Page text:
By Bojana Milovanovic
Nine years after the assassination of Prime Minister Zoran Djindjic, the family and their lawyer are questioning if all those responsible for the murder have been brought to justice.
Djindjic was slain by a member of an elite police unit — founded by Slobodan Milosevic — outside Serbia’s main government building on March 12th 2003. Former State Security Colonel Milorad Ulemek, known as Legija, and former State Security Vice Colonel Zvezdan Jovanovic were sentenced to 40 years in prison for the murder.
Jovanovic was a member of the Red Berets special operations unit (JSO) established by Milosevic in the 1990s. Members of the so-called Zemun Clan were also convicted of involvement in the assassination.
Djindjic family lawyer Srdja Popovic told SETimes that the political instigator of the assassination was in the 2001 Red Berets uprising.
According to Popovic, some witnesses spoke of former Yugoslav President Vojislav Kostunica’s participation in the JSO rebellion. “There are testimonies given during the investigation that cast doubt on the participation of Kostunica, and the prosecution knows it,” Popovic said.
The JSO members uprising started on November 8th 2001, and lasted nine days, ending on November 17th.
In 2010, Popovic filed criminal reports over the JSO rebellion. Apart from the members and commanders of the special unit, including the primary inductees for the assassination, Legija and Jovanovic, reports were also filed against Kostunica, leader of the opposition Democratic Party of Serbia (DSS).
The report against Kostunica was filed because “contrary to the constitution, as the commander of the state armed forces, he did not end the uprising of the special operations unit.”
The prosecutor’s office for organised crime pressed charges against eight of the former Red Berets for organising the armed rebellion on March 9th. No charges were pressed against Kostunica, since his involvement was not proven, said the prosecutor.
“The evidence puts suspicion on Kostunica; there are testimonies in the Djindjic murder case. Let’s just remember that Kostunica wholeheartedly supported the JSO during the rebellion. There was a big conflict over the delivery of Milosevic to The Hague tribunal, which Kostunica opposed, along with co-operating with the tribunal. Kostunica was trying to obstruct Djindjic at every step,” Popovic said.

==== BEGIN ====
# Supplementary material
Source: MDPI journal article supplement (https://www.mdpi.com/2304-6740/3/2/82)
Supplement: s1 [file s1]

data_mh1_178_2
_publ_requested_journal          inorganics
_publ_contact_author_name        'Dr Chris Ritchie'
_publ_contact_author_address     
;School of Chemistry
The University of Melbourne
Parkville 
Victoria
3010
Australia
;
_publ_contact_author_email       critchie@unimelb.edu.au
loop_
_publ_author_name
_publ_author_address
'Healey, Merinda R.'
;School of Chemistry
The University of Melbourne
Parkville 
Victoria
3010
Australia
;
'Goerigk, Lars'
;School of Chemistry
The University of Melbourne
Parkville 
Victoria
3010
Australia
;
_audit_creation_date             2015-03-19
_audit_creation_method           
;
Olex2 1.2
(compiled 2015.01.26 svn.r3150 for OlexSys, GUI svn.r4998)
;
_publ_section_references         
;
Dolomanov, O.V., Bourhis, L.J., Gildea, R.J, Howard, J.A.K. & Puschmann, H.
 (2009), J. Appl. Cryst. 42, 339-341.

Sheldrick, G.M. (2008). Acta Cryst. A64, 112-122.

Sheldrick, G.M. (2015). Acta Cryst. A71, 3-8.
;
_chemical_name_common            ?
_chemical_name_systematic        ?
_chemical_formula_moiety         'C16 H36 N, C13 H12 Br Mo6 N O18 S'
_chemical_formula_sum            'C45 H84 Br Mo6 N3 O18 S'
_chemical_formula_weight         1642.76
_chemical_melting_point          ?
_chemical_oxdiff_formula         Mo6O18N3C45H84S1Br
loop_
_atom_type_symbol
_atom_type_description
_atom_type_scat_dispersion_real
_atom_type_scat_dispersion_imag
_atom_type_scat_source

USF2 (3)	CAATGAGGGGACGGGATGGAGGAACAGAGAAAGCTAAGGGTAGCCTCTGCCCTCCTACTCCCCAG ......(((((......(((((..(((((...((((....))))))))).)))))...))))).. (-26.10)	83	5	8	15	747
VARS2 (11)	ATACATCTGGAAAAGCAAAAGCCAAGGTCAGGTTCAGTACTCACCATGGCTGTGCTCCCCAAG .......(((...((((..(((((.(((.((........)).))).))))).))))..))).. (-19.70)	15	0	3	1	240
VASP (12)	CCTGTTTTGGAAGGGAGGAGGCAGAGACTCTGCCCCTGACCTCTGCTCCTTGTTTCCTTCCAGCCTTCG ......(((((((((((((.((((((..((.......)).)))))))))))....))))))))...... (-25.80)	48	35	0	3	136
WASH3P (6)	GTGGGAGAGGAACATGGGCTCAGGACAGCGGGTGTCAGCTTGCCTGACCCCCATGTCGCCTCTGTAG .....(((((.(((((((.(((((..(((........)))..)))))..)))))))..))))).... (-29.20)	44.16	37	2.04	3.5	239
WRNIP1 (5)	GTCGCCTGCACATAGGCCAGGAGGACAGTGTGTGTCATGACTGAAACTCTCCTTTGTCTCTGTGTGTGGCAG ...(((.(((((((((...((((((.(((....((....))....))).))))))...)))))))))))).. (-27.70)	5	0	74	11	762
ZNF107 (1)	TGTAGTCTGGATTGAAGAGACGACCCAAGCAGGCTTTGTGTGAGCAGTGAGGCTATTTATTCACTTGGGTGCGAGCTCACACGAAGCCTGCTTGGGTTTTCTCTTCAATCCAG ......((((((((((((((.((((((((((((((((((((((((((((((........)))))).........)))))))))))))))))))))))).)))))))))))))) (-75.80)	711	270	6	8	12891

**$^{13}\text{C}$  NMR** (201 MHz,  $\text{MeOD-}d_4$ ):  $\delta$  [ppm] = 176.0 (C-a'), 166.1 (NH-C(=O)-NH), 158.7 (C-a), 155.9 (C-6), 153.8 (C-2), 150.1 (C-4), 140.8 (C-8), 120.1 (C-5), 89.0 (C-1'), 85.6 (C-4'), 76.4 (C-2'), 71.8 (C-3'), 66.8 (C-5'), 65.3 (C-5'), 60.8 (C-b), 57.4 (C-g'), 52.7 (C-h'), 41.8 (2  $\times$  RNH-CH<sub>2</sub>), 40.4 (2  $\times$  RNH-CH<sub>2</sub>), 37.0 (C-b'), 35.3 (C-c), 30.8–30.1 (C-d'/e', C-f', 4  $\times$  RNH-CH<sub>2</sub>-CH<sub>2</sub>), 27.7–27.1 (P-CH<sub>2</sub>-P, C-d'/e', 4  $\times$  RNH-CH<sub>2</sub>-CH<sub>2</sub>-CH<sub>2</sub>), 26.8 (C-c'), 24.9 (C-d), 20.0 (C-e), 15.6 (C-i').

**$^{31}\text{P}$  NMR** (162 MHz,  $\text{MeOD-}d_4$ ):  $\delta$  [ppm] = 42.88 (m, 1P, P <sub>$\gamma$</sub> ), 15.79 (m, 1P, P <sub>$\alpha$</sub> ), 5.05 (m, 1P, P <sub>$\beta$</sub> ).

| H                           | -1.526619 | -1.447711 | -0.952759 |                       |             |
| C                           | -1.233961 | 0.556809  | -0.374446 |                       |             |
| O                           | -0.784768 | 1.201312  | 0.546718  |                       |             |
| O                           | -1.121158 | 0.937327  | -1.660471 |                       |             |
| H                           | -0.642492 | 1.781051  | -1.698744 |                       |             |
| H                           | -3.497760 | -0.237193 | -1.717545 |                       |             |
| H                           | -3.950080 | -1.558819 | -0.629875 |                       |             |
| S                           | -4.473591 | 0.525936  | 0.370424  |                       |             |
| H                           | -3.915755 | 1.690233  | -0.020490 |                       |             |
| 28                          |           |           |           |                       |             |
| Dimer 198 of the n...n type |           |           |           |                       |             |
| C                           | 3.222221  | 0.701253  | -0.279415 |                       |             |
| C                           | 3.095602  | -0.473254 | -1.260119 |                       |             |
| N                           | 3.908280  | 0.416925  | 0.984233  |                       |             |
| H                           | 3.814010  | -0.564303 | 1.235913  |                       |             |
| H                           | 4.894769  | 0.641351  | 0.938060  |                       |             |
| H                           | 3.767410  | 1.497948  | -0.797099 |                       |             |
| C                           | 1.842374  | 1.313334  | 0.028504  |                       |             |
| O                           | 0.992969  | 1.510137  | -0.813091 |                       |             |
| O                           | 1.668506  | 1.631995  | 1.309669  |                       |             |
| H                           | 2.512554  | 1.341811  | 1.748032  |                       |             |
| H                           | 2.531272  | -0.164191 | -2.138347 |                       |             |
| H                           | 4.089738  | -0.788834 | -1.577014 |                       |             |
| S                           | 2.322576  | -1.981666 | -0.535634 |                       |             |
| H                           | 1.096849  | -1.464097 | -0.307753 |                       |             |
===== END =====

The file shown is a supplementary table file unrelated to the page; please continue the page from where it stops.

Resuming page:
Kostunica’s representatives, now the government opposition, are dismissing any connection between their leader, the JSO rebellion, and the Djindjic assassination.
“The case was closed with the dismissal of the criminal report. Further accusations are pointless,” opposition LSD party spokesman Petar Petkovic told SETimes.
Popovic also said that Kostunica, on coming to power and taking up the post of prime minister after Djindjic’s death, put a stop to all reforms, including Djindjic’s new concept of Serbia in Europe.
“People were given some hope, saw a goal, direction. Only the EU integration concept is left from his legacy,” Popovic said.
Djindjic is still being remembered. On March 10th, 20,000 Belgrade citizens took part in the “Walk for Zoran”, a march in his memory, organised by the Liberal Democratic Party (LDP). The walk was led by Djindjic’s former aide and current LDP President Cedomir Jovanovic, who said that Serbia has to face the truth of the political background of the assassination.
“It is an obligation of the state to carry out that task and fully shed light on the political background, because one cannot escape the truth,” Jovanovic said.
“Years have passed, but that does not diminish the importance of the ideas promoted by Zoran Djindjic. This walk is an expression of respect for Zoran, as well as readiness to do the job for which he gave his life,” he added.
One of the participants, Dragan Borisavljevic, 41, a medical doctor from Belgrade, told SETimes that Serbia would have become a completely different country had Djindjic lived.
“We would certainly be where Croatia is now; there would be no more unresolved issues, and we would be moving forward, like the rest of the normal world,” Borisavljevic said.